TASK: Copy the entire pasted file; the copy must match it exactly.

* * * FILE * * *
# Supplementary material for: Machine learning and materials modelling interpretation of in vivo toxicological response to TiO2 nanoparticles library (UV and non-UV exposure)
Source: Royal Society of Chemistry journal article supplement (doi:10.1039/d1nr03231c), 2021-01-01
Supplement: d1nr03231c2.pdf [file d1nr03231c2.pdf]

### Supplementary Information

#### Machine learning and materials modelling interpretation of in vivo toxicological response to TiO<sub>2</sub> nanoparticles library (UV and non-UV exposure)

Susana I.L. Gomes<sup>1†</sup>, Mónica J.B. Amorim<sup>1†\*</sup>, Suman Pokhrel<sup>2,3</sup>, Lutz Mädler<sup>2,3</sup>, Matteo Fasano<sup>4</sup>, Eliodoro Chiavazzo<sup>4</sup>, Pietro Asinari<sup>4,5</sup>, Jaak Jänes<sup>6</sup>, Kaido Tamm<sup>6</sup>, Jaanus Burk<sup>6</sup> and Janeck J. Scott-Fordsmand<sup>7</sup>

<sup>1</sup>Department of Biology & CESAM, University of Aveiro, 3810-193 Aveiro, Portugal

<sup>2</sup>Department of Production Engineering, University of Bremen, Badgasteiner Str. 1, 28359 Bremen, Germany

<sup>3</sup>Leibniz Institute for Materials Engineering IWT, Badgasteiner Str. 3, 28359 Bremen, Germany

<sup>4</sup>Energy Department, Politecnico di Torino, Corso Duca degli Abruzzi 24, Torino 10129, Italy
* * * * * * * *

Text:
# Supplementary material for: Machine learning and materials modelling interpretation of in vivo toxicological response to TiO2 nanoparticles library (UV and non-UV exposure)
Source: Royal Society of Chemistry journal article supplement (doi:10.1039/d1nr03231c), 2021-01-01
Supplement: d1nr03231c2.pdf [file d1nr03231c2.pdf]

### Supplementary Information

#### Machine learning and materials modelling interpretation of in vivo toxicological response to TiO<sub>2</sub> nanoparticles library (UV and non-UV exposure)

Susana I.L. Gomes<sup>1†</sup>, Mónica J.B. Amorim<sup>1†\*</sup>, Suman Pokhrel<sup>2,3</sup>, Lutz Mädler<sup>2,3</sup>, Matteo Fasano<sup>4</sup>, Eliodoro Chiavazzo<sup>4</sup>, Pietro Asinari<sup>4,5</sup>, Jaak Jänes<sup>6</sup>, Kaido Tamm<sup>6</sup>, Jaanus Burk<sup>6</sup> and Janeck J. Scott-Fordsmand<sup>7</sup>

<sup>1</sup>Department of Biology & CESAM, University of Aveiro, 3810-193 Aveiro, Portugal

<sup>2</sup>Department of Production Engineering, University of Bremen, Badgasteiner Str. 1, 28359 Bremen, Germany

<sup>3</sup>Leibniz Institute for Materials Engineering IWT, Badgasteiner Str. 3, 28359 Bremen, Germany

<sup>4</sup>Energy Department, Politecnico di Torino, Corso Duca degli Abruzzi 24, Torino 10129, Italy